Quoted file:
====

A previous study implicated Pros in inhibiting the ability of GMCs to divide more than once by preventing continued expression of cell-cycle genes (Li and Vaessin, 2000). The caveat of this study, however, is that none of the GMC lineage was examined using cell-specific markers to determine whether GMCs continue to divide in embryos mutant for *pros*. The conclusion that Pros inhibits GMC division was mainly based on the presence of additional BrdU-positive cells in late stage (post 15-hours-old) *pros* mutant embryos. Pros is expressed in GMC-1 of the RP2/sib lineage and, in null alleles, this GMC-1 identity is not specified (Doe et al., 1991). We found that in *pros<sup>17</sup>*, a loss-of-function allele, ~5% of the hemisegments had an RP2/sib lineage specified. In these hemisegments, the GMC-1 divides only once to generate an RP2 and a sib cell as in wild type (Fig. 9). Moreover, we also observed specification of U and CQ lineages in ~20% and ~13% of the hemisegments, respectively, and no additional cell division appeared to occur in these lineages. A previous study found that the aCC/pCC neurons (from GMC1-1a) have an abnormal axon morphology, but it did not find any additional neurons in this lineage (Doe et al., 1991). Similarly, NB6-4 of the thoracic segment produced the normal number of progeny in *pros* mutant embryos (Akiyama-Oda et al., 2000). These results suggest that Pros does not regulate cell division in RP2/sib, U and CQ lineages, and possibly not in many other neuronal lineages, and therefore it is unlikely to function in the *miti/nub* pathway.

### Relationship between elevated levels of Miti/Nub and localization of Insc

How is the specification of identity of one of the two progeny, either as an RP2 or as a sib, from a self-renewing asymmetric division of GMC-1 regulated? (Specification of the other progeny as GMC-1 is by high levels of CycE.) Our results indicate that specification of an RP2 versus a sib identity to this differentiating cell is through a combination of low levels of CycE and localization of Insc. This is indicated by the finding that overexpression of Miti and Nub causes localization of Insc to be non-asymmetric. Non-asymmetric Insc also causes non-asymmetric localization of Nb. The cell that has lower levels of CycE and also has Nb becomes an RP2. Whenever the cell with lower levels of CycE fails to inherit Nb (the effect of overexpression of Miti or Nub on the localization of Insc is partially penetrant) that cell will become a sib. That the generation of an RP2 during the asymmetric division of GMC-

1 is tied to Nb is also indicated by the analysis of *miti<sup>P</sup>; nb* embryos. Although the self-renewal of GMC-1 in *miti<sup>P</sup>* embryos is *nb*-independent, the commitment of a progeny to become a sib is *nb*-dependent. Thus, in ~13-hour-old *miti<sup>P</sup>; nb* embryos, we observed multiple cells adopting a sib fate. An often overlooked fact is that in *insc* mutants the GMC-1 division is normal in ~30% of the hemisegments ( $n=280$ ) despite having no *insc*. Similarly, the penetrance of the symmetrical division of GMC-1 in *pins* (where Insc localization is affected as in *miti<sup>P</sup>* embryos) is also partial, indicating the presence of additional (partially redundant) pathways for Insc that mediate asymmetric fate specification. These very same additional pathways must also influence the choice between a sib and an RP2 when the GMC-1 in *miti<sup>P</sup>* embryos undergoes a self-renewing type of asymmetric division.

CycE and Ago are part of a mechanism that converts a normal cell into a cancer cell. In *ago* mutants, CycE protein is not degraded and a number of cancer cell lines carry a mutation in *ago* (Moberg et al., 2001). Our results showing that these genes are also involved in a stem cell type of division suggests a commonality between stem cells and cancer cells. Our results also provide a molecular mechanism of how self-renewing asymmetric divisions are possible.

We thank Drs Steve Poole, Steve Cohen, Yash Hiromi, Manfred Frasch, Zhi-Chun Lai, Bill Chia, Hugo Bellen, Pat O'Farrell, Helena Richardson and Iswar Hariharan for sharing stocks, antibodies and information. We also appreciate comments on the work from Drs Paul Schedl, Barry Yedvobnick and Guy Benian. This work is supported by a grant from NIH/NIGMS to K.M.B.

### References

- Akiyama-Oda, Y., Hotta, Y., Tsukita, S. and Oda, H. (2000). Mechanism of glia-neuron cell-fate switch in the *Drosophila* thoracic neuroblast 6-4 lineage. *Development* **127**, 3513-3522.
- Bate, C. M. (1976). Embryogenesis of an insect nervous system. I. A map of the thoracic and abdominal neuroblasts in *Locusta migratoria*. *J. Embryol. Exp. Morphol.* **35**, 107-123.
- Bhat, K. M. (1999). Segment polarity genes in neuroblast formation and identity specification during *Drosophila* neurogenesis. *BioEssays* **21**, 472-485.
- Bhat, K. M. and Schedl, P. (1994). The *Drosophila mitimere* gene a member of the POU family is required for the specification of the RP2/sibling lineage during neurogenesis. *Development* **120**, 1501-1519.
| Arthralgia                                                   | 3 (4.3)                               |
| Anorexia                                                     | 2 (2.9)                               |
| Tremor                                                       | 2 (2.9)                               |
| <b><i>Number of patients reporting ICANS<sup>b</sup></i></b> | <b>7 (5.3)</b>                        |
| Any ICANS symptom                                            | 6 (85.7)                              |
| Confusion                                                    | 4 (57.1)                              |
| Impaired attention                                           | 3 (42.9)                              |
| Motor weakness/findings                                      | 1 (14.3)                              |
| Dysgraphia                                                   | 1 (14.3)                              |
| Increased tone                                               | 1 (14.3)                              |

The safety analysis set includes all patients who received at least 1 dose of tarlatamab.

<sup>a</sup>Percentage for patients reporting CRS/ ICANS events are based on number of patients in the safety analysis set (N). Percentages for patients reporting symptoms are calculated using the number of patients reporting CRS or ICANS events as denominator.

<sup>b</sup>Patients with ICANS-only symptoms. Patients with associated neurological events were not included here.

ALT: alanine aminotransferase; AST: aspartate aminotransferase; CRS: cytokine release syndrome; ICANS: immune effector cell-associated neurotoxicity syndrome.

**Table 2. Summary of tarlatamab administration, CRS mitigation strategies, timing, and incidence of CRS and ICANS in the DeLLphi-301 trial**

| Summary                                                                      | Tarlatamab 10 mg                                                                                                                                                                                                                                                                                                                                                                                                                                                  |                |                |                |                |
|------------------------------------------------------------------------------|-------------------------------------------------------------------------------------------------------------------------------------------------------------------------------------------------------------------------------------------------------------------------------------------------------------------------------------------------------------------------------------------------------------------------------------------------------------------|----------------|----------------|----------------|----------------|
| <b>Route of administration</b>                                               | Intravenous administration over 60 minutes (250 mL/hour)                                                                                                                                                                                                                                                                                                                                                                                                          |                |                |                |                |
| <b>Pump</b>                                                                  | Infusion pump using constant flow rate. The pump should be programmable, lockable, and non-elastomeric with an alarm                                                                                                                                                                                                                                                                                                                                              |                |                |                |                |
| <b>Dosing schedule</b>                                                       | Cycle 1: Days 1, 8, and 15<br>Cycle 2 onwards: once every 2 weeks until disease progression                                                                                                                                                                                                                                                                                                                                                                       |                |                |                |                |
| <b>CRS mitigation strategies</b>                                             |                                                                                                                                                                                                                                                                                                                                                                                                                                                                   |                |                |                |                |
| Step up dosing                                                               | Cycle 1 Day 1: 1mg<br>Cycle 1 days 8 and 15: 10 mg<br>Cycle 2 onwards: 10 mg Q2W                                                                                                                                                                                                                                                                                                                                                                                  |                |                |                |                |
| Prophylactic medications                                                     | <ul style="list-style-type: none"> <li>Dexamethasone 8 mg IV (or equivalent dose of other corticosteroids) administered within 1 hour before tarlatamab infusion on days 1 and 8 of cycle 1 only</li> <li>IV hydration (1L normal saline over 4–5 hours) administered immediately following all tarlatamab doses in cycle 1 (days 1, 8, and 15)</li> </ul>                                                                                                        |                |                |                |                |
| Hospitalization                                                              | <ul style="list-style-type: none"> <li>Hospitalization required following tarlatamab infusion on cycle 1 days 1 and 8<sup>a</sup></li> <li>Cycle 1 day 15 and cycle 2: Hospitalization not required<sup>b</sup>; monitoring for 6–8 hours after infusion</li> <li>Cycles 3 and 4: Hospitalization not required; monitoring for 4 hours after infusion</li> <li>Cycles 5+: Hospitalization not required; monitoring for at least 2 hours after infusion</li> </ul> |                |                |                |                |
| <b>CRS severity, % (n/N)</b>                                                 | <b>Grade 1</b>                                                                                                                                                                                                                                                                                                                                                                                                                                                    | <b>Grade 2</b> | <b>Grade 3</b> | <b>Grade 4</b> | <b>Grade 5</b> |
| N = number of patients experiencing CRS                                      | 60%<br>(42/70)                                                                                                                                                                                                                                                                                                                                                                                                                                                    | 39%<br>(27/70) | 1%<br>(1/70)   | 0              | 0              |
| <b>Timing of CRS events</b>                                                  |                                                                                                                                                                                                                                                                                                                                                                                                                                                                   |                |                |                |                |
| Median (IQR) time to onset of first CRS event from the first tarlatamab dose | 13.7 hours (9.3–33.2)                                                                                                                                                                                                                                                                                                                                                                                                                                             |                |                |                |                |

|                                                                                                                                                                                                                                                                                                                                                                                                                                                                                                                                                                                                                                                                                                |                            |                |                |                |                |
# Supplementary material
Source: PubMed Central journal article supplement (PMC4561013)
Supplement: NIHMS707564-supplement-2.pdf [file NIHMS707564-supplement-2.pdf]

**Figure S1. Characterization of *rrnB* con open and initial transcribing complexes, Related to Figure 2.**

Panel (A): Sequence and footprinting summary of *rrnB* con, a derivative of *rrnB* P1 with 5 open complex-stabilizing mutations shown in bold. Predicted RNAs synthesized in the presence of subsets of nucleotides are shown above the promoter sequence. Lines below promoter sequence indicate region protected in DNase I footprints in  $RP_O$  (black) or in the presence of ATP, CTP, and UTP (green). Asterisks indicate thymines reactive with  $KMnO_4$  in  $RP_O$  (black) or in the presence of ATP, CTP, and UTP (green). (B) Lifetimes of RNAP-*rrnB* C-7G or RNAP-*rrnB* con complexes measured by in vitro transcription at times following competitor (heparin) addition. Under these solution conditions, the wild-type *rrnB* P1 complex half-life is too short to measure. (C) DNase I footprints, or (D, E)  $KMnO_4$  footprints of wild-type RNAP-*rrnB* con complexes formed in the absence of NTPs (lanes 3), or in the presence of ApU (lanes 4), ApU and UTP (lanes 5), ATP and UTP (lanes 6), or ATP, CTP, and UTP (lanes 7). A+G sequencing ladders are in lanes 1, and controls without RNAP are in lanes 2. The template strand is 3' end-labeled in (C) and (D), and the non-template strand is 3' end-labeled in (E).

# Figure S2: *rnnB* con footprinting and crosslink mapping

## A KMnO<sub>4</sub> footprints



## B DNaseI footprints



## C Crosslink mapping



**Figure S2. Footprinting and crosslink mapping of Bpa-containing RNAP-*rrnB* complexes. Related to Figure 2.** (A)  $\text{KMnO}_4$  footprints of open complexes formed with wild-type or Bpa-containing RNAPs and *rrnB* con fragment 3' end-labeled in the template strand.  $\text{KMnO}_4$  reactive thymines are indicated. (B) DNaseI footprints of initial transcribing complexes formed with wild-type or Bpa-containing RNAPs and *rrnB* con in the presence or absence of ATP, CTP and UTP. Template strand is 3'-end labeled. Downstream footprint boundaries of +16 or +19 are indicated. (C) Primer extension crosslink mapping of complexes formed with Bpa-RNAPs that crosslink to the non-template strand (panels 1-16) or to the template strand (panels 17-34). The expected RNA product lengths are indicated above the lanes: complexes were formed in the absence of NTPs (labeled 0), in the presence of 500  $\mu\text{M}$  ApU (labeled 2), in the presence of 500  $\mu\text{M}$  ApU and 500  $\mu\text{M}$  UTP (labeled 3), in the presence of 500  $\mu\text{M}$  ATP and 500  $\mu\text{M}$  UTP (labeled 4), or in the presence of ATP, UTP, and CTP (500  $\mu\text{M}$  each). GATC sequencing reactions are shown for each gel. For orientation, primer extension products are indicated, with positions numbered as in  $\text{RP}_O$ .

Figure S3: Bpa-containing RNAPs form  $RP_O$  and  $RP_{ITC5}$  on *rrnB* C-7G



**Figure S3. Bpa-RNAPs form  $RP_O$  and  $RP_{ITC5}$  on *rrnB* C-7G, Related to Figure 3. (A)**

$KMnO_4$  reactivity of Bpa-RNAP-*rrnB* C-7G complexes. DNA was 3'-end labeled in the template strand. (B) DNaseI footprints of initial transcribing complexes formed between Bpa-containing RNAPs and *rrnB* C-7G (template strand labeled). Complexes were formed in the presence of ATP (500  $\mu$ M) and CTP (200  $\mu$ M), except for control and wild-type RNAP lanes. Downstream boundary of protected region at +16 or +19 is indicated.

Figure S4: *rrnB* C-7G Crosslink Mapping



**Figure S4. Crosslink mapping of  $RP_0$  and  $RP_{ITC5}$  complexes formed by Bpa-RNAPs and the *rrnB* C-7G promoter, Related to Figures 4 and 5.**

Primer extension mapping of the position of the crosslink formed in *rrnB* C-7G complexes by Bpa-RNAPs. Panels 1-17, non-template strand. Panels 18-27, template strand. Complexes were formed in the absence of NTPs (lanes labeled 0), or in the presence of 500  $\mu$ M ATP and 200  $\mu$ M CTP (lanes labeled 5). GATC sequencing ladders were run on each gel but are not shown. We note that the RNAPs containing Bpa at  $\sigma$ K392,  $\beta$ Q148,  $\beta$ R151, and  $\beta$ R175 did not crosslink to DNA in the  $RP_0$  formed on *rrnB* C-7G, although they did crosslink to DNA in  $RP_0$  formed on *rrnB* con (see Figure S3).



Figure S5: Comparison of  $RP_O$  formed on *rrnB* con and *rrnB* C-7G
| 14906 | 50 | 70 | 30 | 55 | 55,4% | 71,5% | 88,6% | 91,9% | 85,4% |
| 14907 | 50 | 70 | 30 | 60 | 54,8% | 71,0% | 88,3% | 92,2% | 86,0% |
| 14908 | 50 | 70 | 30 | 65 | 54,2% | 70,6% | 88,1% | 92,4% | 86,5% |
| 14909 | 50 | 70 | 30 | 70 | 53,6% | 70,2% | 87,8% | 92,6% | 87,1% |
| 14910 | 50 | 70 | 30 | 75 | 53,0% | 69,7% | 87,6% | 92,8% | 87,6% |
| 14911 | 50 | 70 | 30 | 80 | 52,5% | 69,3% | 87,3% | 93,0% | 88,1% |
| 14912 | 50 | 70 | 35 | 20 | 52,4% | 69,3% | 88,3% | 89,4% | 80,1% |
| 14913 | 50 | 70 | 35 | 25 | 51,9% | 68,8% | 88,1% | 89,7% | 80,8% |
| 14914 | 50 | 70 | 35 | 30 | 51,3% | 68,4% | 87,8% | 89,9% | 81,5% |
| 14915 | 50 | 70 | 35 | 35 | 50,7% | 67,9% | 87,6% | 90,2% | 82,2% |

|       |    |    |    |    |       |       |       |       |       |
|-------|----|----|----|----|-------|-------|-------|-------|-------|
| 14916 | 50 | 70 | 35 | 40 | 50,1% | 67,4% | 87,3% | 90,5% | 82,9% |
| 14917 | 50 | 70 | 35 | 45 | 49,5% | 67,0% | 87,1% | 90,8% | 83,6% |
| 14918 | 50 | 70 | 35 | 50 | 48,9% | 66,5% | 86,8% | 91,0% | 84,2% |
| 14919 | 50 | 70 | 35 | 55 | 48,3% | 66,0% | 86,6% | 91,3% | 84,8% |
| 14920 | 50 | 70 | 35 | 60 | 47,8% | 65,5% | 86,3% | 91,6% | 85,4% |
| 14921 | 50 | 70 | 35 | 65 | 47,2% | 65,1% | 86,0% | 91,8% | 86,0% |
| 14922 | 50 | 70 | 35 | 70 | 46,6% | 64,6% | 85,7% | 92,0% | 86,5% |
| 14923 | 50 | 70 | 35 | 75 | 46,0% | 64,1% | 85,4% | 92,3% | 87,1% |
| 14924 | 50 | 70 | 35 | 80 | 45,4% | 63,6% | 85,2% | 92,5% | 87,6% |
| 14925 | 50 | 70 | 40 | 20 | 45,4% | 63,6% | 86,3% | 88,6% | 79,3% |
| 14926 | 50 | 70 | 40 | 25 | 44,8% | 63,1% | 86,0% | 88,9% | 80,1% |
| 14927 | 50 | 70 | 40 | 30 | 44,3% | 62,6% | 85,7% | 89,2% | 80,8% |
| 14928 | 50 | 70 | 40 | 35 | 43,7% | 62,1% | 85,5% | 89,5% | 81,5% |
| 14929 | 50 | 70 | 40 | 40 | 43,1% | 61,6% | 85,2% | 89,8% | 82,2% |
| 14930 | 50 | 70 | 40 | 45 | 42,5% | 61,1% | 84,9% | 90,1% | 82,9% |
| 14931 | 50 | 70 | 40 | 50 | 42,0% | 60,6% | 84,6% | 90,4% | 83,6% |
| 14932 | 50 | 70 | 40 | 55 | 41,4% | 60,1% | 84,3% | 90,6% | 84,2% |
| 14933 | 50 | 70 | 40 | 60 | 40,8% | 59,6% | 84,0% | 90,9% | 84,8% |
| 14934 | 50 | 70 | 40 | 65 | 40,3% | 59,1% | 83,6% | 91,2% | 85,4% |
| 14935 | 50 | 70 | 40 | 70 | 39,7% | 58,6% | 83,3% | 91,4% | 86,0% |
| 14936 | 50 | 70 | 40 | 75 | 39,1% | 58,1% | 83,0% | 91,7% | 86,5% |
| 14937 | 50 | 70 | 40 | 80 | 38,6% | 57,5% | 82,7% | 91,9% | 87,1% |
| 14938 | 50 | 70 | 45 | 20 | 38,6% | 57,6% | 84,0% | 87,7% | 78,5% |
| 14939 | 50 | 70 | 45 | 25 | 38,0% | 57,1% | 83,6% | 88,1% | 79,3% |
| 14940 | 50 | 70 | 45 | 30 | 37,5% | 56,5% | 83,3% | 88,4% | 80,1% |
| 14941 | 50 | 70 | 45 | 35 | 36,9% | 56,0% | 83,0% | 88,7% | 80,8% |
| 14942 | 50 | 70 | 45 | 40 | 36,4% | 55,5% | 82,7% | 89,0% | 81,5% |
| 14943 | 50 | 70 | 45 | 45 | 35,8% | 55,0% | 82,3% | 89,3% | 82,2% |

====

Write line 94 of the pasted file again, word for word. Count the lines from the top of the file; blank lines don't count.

| 14940 | 50 | 70 | 45 | 30 | 37,5% | 56,5% | 83,3% | 88,4% | 80,1% |